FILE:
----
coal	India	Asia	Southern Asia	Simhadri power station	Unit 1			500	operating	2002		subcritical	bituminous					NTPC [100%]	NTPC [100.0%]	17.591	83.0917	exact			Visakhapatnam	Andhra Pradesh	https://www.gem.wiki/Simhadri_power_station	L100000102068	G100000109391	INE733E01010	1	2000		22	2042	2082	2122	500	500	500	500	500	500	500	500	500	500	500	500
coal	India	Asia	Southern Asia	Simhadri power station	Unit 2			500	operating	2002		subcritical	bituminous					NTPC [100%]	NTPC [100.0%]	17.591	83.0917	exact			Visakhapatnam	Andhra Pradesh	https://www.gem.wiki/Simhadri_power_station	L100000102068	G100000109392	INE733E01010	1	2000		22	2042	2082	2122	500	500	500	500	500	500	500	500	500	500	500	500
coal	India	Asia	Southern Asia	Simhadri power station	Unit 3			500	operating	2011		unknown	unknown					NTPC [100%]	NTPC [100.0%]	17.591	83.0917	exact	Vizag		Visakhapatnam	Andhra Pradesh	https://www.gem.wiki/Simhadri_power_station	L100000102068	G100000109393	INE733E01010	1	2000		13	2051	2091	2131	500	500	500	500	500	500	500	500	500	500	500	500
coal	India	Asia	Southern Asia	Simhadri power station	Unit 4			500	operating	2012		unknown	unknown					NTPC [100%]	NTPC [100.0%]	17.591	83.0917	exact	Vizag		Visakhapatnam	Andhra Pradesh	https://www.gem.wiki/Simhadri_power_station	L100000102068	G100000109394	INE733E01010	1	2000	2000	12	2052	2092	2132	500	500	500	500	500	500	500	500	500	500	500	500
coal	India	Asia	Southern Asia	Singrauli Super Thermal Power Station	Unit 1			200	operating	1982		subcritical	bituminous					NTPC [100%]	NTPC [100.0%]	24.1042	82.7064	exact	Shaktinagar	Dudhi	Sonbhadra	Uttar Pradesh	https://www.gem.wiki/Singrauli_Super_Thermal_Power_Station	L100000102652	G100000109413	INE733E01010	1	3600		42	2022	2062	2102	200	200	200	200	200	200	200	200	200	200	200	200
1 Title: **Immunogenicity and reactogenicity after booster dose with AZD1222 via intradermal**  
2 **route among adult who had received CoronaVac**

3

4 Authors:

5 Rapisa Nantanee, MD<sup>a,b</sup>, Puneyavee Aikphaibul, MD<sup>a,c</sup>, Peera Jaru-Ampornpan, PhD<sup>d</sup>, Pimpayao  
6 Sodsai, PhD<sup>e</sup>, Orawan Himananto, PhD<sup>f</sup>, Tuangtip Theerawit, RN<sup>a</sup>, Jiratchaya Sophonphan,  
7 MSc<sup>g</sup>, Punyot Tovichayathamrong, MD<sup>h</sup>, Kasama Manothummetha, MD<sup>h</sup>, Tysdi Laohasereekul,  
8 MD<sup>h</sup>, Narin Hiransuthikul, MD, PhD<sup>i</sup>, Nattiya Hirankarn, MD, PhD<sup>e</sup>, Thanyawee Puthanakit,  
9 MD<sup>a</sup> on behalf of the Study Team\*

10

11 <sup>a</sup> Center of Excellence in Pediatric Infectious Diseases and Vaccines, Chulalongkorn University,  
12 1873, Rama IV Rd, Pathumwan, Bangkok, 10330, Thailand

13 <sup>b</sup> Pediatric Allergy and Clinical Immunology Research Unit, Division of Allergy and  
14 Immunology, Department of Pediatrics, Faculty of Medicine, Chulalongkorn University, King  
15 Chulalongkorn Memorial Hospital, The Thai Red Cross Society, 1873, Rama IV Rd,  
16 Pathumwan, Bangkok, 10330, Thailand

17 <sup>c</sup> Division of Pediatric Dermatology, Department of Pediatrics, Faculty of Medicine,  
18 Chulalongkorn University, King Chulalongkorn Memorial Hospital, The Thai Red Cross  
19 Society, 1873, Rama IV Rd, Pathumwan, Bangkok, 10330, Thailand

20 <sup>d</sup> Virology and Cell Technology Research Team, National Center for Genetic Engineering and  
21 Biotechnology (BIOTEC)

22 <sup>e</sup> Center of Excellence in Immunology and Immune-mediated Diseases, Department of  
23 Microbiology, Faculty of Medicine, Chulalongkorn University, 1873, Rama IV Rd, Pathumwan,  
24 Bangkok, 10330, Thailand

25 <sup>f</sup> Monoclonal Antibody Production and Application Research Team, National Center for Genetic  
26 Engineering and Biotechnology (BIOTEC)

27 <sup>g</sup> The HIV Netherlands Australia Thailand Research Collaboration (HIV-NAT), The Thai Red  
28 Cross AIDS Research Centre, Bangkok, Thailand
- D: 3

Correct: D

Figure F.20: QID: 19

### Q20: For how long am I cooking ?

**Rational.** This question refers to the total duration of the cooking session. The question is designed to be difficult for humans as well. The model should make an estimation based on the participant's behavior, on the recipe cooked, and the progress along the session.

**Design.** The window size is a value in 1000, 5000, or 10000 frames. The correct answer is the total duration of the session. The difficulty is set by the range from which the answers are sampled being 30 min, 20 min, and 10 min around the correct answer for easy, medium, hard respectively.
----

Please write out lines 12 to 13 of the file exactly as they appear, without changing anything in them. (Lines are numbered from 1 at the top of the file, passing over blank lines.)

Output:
7 MSc<sup>g</sup>, Punyot Tovichayathamrong, MD<sup>h</sup>, Kasama Manothummetha, MD<sup>h</sup>, Tysdi Laohasereekul,  
8 MD<sup>h</sup>, Narin Hiransuthikul, MD, PhD<sup>i</sup>, Nattiya Hirankarn, MD, PhD<sup>e</sup>, Thanyawee Puthanakit,  